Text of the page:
Some ATM networks now use smart cards, which enable the use of public key cryptography. A user's card then contains their private key and a certificate, signed by the card issuer, to confirm their public key value. The ATM authenticates the card by issuing a challenge for the card to sign. As with all systems that rely on certificates, it is necessary for the terminal to have an authentic copy of the card issuer's public key in order to check the validity of the certificate. For some systems this is achieved by having its value installed into the ATMs.

Team-Fly

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Pay TV

Team-Fly

Pay TV

Anyone who subscribes to a Pay TV system expects to able to view those programmes for which they pay and may also expect that people who have not paid do not have access to those programmes. Pay TV systems are one example of a controlled access broadcast network. In such a network information, in this case the TV programme, is broadcast widely but only a restricted set of those who receive the signal can actually understand the information. A common way of achieving this objective is for the broadcast signal to be encrypted using a key that is made available only to the intended recipients of the information. There are many ways of establishing and managing such systems.

In a typical Pay TV system each programme is encrypted with its own unique key prior to transmission. Those who pay for a particular programme are then essentially paying for knowledge of the key. Clearly this creates a key management problem, namely that of being able to deliver the key to the correct viewers. A common solution to this problem is to issue each subscriber to the network with a smart card that contains that subscriber's unique private key for an asymmetric encryption algorithm. This smart card is then inserted into a reader which is either part of the TV or in an attachment provided by the TV network operator. When a subscriber pays for a particular programme, the symmetric key used to encrypt that programme is transmitted encrypted with the subscriber's public key. Thus, using the language of Chapter 8, this type of system is using a two-level key hierarchy with a hybrid of symmetric and asymmetric algorithms.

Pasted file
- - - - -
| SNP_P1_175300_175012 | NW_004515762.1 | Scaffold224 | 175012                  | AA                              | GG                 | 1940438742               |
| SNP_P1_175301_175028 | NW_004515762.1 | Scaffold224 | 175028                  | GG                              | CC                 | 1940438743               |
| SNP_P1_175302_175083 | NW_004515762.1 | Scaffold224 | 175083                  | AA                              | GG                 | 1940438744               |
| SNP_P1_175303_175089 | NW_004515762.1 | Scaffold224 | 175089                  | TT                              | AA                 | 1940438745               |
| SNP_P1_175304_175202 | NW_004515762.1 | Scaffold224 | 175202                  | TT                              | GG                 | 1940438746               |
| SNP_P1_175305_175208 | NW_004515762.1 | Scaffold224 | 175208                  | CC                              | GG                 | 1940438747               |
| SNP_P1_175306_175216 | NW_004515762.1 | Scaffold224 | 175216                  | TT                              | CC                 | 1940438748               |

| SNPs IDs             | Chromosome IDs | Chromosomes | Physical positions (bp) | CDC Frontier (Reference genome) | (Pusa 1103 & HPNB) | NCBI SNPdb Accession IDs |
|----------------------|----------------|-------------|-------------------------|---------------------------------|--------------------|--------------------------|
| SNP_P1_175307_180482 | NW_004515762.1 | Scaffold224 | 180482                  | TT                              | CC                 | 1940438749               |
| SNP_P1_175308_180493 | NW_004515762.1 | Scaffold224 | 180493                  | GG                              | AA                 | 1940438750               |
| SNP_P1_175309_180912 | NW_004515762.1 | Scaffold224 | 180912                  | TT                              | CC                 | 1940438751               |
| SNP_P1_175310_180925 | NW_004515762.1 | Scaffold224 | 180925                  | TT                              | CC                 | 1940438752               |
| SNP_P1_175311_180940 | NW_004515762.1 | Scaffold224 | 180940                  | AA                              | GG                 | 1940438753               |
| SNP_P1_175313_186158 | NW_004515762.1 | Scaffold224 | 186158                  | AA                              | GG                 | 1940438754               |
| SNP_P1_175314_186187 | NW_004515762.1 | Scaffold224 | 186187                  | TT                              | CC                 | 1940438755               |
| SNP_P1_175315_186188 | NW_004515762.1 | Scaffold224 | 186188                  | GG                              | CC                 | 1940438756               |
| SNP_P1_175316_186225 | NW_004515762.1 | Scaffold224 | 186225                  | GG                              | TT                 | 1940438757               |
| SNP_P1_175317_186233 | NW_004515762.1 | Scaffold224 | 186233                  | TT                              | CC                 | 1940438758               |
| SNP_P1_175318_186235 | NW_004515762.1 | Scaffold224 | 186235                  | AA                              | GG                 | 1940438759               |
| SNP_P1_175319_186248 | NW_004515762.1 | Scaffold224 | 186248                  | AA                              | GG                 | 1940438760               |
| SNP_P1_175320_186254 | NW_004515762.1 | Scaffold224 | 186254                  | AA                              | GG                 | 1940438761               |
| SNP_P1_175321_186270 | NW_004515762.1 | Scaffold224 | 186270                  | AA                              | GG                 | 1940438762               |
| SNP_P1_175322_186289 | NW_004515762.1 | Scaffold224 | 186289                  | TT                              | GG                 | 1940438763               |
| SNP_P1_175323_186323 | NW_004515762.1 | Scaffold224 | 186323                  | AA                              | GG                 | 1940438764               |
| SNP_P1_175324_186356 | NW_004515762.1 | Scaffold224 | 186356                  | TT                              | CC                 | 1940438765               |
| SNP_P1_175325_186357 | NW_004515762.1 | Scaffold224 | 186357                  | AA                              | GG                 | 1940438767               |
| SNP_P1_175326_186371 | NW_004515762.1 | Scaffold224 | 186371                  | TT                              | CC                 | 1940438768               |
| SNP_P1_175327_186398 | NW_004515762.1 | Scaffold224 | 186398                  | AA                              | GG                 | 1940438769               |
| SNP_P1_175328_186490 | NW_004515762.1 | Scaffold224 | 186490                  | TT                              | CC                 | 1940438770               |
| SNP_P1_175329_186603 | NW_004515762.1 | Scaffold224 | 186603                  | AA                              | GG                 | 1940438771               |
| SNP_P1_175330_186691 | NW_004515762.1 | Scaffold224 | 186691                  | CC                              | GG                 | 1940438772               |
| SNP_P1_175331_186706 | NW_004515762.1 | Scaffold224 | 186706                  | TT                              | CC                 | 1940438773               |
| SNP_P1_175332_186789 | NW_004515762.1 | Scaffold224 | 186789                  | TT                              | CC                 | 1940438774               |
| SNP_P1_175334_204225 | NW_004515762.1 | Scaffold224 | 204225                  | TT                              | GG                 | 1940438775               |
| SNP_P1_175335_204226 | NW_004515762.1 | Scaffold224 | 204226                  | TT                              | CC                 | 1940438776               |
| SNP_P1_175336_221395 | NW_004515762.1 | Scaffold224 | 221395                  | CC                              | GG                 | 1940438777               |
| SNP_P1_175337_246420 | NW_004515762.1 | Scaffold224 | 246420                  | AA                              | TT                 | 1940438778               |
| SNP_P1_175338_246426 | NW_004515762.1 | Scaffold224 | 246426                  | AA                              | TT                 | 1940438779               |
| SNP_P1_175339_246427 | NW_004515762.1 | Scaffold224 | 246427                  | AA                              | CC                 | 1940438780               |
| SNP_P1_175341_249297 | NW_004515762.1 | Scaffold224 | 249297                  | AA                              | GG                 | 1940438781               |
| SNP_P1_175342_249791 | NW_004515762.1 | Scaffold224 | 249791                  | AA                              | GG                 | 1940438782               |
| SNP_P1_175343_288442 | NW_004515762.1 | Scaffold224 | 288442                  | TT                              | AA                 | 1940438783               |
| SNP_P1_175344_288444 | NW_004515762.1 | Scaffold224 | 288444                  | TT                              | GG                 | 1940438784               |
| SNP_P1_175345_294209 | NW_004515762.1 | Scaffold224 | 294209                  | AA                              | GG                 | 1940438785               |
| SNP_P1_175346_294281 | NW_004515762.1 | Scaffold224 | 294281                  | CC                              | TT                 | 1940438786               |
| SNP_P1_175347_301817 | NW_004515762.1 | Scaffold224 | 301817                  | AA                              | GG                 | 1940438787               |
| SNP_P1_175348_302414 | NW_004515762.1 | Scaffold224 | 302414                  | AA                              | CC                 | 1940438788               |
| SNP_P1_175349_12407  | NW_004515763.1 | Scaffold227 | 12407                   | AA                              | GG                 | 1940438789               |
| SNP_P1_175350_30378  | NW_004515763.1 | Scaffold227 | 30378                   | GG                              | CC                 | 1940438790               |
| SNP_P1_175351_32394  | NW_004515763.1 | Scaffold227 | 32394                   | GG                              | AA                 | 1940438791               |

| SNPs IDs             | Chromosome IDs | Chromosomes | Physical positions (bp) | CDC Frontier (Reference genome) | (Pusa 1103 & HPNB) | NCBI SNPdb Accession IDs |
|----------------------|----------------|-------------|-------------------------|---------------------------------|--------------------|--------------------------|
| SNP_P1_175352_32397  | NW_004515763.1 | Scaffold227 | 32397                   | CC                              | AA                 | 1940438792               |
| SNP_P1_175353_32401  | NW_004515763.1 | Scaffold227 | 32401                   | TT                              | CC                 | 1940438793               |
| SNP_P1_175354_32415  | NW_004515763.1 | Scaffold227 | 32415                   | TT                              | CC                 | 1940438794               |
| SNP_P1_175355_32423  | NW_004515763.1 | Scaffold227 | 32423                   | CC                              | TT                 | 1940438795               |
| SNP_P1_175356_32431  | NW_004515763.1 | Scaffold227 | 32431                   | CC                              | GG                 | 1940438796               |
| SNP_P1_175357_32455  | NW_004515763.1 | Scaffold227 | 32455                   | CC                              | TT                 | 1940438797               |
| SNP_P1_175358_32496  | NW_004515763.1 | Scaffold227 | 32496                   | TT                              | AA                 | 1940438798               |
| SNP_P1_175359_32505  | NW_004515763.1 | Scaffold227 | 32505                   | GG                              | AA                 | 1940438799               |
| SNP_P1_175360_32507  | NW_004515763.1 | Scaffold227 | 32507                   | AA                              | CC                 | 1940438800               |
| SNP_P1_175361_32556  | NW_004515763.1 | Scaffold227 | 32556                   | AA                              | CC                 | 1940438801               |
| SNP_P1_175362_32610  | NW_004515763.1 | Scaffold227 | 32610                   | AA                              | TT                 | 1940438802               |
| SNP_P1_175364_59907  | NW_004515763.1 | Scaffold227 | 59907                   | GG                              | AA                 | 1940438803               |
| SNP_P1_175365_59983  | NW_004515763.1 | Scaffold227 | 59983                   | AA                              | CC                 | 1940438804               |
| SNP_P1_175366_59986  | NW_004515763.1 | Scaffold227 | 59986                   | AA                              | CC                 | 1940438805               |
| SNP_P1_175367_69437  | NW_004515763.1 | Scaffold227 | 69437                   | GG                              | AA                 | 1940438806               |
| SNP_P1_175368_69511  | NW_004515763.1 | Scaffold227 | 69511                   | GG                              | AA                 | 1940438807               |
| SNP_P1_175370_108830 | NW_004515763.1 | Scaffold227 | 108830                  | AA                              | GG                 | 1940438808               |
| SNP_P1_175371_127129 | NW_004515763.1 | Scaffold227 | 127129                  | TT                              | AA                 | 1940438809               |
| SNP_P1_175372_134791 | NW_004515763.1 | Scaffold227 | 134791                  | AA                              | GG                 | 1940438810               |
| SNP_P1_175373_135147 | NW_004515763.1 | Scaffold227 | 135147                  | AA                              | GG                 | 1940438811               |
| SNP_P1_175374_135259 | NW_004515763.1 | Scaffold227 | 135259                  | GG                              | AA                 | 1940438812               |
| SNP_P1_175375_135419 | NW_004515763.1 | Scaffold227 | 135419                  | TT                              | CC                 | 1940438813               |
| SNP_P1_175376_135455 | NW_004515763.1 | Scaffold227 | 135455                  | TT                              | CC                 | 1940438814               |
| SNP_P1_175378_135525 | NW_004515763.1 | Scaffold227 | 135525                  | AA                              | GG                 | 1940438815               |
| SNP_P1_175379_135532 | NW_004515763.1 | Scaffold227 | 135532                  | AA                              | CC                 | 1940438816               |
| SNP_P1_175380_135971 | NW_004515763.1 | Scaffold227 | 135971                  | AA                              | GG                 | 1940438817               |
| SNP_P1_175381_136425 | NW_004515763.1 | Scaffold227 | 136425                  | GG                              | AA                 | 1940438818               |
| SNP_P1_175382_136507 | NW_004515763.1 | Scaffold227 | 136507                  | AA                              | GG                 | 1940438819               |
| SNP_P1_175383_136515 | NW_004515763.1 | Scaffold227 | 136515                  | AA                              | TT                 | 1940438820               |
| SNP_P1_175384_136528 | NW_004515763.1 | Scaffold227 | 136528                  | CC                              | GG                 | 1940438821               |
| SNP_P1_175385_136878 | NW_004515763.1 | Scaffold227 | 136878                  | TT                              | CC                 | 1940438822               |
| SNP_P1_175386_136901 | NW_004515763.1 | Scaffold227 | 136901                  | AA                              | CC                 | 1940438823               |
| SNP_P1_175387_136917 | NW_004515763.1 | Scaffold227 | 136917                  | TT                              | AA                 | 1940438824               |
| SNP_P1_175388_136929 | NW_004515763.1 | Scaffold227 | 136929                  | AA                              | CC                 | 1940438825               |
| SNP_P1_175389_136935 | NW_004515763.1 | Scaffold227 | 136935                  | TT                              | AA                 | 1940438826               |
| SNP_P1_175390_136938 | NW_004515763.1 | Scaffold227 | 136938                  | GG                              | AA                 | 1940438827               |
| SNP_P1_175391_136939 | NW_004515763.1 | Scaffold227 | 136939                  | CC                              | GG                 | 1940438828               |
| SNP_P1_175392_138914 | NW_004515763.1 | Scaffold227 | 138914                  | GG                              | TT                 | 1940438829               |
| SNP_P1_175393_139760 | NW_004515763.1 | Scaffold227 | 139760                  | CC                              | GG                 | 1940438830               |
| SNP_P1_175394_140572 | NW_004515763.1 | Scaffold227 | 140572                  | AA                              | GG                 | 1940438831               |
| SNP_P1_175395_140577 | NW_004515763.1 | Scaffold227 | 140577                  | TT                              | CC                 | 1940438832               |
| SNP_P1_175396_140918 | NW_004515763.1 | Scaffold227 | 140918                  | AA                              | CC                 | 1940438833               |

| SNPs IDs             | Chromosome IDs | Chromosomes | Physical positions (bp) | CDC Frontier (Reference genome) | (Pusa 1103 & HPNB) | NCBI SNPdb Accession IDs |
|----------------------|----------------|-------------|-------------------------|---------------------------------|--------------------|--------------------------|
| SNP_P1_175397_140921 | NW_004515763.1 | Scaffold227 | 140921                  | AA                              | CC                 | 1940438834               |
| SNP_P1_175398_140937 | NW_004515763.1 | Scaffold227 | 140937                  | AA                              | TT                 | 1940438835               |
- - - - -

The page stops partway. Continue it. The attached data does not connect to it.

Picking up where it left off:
Team-Fly

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Pretty Good Privacy (PGP)

Team-Fly

Pretty Good Privacy (PGP)

Pretty Good Privacy or PGP was originally developed by Phil Zimmermann in the late 1980s. It was intended as a user-friendly product for encryption on a personal computer and uses both symmetric and asymmetric cryptography. Many versions of it are now being used. We discuss the general concept without concentrating on any particular version or applications.

PGP uses a two-level key hierarchy in which symmetric session keys are used to protect data, and asymmetric keys are used for both signature and the protection of the symmetric session keys. PGP has many uses including securing email and the secure storage of files. The publication of PGP on a bulletin board in 1991 brought Phil Zimmermann into dispute with both the US government (for the alleged illegal export of cryptography) and various patent holders. These disputes had been resolved by 1997. PGP is available as freeware and is included with the software of many new PCs.

As we have already discussed, a major problem in using asymmetric encryption is that of key authentication. We have discussed one solution to this problem of using a network of Certification Authorities (CAs) in a Public Key Infrastructure (PKI). PGP introduced a different solution to the problem of public key authentication: the web of trust.